Get Task & Purpose in your inbox
With the facts of his death murky, an investigation will see if a Marine was killed in Iraq by friendly fire
Investigators are looking into the possibility that a Marine Raider was killed by friendly fire in Iraq, U.S. military officials told Task & Purpose on Monday.
Gunnery Sgt. Scott A. Koppenhafer died on Aug. 10 of "injuries sustained during combat action in Iraq," according to Marine Forces Special Operations Command.
The Pentagon's initial news release, which did not name Koppenhafer, said he had been killed, "After being engaged by enemy small arms fire while conducting combat operations."
As part of the investigation into his death, U.S. military officials will look into whether Koppenhafer might have been accidentally killed by U.S. or Iraqi forces, Nancy Youssef of the Wall Street Journal first reported on Monday.
Much about the circumstances surrounding Koppenhafer's death remain unclear. U.S. officials stressed that the investigation will look into all possible causes of death, not just friendly fire.
Roughly 5,200 U.S. troops are currently serving in Iraq as part of the campaign against ISIS, said Army Lt. Col. Earl Brown, a spokesman for U.S. Central Command.
Koppenhafer is the third U.S. service member to die in Iraq this year. Two other U.S. troops have been died of non-combat injuries: Army Spc. Michael T. Osorio died on April 23 in Taji; and Army Spc. Ryan Dennis Orin Riley died on April 20 in Ninawa province.
In Syria four Americans killed by an ISIS suicide bomber in January: Army Chief Warrant Officer 2 Jonathan R. Farmer, Navy Chief Cryptologic Technician (Interpretive) Shannon M. Kent, Defense Department civilian Scott A. Wirtz, and Defense Department contractor Ghadir Taher.
SPRINGFIELD, Mass. — A woman has filed a civil suit against a former member of the 104th Fighter Wing of the Air National Guard, saying she has suffered emotional distress and "a diminished capacity to enjoy life" in the years since he used a hidden camera at Barnes Air National Guard Base to record explicit images of her.
Former Tech Sgt. Jason Venne, 37, pleaded guilty in February to six counts of photographing an unsuspecting person in the nude and seven counts of unlawful wiretap. He admitted putting a camera in the women's locker room at the Westfield base, recording images and video between 2011 and 2013 when he worked there as a mechanic.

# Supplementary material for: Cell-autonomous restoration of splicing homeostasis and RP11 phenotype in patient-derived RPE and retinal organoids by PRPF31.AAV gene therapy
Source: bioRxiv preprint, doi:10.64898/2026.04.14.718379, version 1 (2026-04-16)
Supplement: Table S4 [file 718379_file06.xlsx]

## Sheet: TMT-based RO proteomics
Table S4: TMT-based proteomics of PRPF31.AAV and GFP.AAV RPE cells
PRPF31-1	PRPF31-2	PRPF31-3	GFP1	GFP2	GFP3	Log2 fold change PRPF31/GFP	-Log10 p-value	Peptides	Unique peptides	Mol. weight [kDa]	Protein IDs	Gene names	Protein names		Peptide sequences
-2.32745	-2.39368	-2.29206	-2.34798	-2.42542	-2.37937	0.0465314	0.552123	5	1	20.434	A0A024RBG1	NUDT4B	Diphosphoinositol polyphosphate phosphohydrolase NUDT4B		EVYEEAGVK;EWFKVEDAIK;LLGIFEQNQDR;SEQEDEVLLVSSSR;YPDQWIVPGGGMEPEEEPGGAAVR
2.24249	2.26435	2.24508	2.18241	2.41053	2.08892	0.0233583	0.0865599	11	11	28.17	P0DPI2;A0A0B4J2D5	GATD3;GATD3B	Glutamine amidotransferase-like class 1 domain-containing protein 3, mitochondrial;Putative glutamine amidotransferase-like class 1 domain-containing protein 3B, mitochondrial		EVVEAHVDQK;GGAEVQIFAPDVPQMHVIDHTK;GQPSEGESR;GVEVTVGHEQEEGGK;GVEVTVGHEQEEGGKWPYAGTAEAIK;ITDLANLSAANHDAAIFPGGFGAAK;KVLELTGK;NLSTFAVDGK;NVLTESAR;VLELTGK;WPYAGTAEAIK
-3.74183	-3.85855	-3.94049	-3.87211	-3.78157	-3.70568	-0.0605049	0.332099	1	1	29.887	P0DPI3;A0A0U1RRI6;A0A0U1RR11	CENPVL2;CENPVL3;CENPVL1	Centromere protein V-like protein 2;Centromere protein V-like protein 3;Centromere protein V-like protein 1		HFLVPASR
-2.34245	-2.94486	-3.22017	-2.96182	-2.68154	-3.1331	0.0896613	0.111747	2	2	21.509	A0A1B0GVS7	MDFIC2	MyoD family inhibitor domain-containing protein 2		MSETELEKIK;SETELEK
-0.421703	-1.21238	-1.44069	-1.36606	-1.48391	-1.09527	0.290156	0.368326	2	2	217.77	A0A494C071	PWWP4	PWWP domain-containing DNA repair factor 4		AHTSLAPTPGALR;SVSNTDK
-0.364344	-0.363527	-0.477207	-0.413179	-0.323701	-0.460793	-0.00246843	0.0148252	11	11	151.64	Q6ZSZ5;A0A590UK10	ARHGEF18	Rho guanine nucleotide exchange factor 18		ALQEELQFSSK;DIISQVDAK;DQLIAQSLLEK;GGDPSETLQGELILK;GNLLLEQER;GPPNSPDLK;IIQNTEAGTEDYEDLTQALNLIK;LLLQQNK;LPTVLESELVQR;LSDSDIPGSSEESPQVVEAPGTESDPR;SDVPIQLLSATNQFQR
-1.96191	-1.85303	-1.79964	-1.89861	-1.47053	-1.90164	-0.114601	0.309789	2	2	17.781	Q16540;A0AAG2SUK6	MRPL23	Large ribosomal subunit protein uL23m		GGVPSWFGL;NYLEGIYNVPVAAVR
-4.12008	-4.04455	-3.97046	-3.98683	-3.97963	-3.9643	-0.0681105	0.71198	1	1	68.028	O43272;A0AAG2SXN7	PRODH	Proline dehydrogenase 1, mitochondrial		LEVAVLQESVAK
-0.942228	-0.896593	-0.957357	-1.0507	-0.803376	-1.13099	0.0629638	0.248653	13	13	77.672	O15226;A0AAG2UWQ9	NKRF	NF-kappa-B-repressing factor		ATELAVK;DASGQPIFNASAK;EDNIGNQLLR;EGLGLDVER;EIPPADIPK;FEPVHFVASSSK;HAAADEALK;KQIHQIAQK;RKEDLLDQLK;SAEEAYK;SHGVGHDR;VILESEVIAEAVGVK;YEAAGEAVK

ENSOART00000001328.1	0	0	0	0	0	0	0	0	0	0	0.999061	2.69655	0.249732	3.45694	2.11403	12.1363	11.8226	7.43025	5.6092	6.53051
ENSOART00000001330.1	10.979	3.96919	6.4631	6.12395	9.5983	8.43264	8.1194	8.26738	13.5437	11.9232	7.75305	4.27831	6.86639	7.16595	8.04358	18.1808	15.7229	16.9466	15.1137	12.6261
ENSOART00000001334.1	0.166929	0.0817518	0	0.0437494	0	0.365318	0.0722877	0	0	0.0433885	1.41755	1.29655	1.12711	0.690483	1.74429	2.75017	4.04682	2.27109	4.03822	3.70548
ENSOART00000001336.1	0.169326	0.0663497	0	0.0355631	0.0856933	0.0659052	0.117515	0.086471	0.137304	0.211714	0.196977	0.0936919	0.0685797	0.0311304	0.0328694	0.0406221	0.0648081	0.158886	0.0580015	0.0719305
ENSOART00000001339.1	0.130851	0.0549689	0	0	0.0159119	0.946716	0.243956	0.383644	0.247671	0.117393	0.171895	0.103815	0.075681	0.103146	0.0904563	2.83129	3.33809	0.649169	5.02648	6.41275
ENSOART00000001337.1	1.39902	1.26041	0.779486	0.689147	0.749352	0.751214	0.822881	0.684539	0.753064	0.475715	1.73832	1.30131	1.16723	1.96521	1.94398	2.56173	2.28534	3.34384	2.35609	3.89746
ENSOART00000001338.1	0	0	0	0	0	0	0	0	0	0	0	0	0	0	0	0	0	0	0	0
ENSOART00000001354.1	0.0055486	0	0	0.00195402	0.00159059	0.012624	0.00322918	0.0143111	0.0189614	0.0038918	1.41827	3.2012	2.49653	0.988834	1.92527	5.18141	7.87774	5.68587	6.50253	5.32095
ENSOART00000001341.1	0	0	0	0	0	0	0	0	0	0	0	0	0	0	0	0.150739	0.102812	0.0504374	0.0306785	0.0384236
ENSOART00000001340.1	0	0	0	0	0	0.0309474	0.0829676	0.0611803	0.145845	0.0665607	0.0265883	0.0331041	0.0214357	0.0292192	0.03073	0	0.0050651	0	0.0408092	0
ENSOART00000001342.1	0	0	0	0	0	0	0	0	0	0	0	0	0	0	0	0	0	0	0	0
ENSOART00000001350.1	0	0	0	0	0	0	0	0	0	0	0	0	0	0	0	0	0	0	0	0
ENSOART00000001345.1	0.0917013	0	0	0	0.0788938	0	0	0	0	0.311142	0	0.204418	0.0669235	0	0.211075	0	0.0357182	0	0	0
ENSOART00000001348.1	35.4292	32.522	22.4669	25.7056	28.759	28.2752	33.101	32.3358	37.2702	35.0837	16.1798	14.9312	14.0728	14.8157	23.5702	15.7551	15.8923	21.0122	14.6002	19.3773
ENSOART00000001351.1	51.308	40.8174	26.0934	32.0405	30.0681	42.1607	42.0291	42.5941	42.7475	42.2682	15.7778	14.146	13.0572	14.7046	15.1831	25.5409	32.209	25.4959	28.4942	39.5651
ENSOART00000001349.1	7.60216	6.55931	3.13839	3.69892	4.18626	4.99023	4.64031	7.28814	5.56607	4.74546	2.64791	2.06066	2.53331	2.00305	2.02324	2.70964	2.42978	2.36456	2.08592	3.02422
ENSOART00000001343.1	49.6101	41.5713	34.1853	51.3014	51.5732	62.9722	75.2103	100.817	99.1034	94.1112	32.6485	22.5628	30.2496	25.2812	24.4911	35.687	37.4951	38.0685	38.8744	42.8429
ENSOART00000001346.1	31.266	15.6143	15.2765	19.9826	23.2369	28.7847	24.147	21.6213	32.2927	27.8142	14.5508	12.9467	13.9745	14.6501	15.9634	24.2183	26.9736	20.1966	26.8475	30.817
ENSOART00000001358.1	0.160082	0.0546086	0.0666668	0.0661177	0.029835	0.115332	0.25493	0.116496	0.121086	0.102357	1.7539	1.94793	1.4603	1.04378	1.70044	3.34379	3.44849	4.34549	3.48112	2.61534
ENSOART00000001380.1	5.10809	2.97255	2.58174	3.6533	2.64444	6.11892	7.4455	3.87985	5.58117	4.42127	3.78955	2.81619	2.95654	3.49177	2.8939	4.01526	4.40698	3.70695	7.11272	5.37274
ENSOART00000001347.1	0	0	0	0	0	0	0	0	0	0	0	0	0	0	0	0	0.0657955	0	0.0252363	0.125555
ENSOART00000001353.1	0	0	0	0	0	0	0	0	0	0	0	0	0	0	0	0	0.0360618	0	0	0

Five people have been indicted in federal court in the Western District of Texas on charges of participating in a scheme to steal millions of dollars from benefits reserved for military members, U.S. Department of Justice officials said Wednesday.
As the military services each roll out new policies regarding hemp-derived products like cannabidiol, or CBD, the Defense Department is not mincing words.
"It's completely forbidden for use by any service member in any of the services at this point of time," said Patricia Deuster, director of the Human Performance Laboratory at the Uniformed Services University of the Health Sciences in Bethesda, Maryland.
The warning, along with the policies issued recently by the Air Force, Coast Guard and Department of the Navy, comes as CBD is becoming increasingly ubiquitous across the country in many forms, from coffee additives and vaping liquids to tinctures, candies and other foods, carrying promises of health benefits ranging from pain and anxiety relief to sleeping aids and inflammation reduction.
The Navy has fired five senior leaders so far in August – and the month isn't even over.
While the sea service is famous for instilling in officers that they are responsible for any wrongdoing by their sailors – whether they are aware of the infractions or not – the recent rash of firings is a lot, even for the Navy.
A Navy spokesman said there is no connection between any of the five officers relieved of command, adding that each relief is looked at separately.
'We are a people organization' — Army leaders push renewed focus on soldiers amid rise in sexual assaults and suicides
After months of focusing on modernization priorities, Army leadership plans to tackle persisting personnel issues in the coming years.
Acting Army Secretary Ryan McCarthy said Tuesday at an event with the Foundation for Defense of Democracies that what people can to hear service leadership "talk a lot about ... our people. Investing in our people, so that they can reach their potential. ... We are a people organization."